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Seth Godin has written 12 bestsellers that have been translated into 33 languages

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all.marketers.tell.stories

All Marketers Tell Stories

Seth's most important book about the art of marketing

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free.prize.inside

Free Prize Inside

The practical sequel to Purple Cow

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linchpin

Linchpin

An instant bestseller, the book that brings all of Seth's ideas together.

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meatball.sundae

Meatball Sundae

Why the internet works (and doesn't) for your business. And vice versa.

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permission.marketing

Permission Marketing

The classic Named "Best Business Book" by Fortune.

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poke.the.box

Poke The Box

The latest book, Poke The Box is a call to action about the initiative you're taking - in your job or in your life, and Seth once again breaks the traditional publishing model by releasing it through The Domino Project.

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purple.cow

Purple Cow

The worldwide bestseller. Essential reading about remarkable products and services.

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small.is.the.new.big

Small is the New Big

A long book filled with short pieces from Fast Company and the blog. Guaranteed to make you think.

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survival.is.not.enough

Survival is Not Enough

Seth's worst seller and personal favorite. Change. How it works (and doesn't).

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the.big.moo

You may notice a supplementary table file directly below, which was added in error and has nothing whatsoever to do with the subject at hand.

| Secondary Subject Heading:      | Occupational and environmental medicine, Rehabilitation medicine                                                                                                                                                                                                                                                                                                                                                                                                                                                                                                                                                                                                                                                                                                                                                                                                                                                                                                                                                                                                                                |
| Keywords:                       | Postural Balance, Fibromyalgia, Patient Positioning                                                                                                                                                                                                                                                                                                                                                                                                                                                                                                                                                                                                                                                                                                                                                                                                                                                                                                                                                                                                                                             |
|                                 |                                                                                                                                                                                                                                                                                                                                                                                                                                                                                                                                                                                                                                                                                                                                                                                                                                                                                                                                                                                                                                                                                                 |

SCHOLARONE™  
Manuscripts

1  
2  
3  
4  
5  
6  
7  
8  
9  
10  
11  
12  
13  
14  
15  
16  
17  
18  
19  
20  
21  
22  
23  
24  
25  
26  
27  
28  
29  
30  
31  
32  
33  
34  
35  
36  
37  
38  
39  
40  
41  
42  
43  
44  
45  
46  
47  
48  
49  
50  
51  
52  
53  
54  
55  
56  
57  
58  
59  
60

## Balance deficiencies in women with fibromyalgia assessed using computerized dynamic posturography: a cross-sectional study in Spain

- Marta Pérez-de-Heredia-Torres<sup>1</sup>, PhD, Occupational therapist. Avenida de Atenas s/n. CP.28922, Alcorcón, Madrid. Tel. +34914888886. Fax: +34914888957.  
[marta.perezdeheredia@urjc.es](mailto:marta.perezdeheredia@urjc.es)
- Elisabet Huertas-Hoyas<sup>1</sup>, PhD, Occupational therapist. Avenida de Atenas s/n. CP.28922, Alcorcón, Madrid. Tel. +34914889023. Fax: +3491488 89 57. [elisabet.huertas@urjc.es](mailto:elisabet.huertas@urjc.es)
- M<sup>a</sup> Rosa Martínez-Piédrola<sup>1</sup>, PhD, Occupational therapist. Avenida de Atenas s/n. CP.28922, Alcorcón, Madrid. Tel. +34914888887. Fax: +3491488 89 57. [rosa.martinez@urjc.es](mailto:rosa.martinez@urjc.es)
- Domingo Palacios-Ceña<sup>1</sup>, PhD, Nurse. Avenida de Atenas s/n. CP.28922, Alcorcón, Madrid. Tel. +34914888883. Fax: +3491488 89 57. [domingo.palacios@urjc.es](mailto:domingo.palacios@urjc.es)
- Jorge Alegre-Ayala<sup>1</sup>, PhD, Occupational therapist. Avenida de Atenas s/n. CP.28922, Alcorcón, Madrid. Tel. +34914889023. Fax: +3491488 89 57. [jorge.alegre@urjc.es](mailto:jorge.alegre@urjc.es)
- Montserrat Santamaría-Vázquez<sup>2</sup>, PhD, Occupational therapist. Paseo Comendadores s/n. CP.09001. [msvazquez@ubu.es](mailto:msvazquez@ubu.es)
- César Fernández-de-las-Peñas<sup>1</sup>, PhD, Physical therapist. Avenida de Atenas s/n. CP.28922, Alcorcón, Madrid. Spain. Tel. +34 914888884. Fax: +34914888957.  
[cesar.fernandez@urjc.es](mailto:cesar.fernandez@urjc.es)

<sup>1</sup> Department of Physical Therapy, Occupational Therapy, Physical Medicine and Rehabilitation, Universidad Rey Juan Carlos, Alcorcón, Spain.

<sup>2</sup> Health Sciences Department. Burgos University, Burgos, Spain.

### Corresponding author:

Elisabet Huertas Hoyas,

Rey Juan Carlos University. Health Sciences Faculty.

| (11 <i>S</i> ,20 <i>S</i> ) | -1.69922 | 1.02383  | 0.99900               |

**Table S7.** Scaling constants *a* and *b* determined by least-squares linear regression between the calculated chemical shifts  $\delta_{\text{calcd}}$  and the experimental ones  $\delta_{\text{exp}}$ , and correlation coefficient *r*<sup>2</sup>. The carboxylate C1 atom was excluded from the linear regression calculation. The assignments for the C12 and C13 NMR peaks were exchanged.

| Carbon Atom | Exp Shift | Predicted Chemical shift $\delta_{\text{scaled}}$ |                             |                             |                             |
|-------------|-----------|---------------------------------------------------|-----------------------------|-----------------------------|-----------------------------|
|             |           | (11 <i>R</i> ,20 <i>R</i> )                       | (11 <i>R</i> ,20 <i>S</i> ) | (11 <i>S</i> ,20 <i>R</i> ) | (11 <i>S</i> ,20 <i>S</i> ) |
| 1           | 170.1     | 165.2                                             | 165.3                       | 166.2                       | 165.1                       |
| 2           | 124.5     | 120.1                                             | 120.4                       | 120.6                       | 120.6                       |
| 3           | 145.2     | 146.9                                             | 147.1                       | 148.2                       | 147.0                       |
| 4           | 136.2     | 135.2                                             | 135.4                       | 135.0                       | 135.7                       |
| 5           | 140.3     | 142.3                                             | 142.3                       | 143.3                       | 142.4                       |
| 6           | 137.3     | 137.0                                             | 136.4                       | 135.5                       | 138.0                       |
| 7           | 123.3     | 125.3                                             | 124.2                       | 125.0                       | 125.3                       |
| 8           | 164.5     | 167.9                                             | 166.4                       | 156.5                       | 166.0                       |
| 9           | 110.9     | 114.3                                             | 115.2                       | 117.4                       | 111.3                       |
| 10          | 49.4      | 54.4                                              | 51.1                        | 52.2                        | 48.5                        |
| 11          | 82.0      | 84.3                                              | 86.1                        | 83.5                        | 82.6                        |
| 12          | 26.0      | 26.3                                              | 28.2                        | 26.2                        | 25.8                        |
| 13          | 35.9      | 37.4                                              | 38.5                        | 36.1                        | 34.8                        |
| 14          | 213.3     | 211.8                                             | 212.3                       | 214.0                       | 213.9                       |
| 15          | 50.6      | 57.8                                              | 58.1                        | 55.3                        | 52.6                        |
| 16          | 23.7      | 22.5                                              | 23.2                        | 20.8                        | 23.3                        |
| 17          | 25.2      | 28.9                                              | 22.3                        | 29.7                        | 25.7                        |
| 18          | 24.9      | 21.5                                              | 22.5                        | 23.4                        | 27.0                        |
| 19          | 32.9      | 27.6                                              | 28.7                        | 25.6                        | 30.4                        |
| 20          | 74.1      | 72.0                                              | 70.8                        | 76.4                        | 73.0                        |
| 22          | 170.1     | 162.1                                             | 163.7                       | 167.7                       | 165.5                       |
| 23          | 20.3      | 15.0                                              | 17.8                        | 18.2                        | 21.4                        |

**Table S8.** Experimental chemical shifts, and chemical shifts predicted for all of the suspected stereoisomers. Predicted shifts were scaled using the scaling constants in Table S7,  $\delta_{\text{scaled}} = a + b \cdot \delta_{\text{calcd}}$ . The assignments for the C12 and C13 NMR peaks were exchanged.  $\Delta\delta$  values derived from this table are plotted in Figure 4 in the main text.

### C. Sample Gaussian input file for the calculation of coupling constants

The Big Moo

All for charity. Includes original work from Malcolm Gladwell, Tom Peters and Promise Phelon.

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the.big.red.fez

The Big Red Fez

Top 5 Amazon ebestseller for a year. All about web sites that work.

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the.dip

The Dip

A short book about quitting and being the best in the world. It's about life, not just marketing.

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the.icarus.deception

The Icarus Deception

Seth's most personal book, a look at the end of the industrial economy and what happens next.

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tribes

Tribes

"Book of the year," a perennial bestseller about leading, connecting and creating movements.

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unleashing.the.ideavirus

Unleashing the Ideavirus

More than 3,000,000 copies downloaded, perhaps the most important book to read about creating ideas that spread.

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v.is.for.vulnerable

V Is For Vulnerable

A short, illustrated, kids-like book that takes the last chapter of Icarus and turns it into something worth sharing.

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we.are.all.weird

We Are All Weird

The end of mass and how you can succeed by delighting a niche.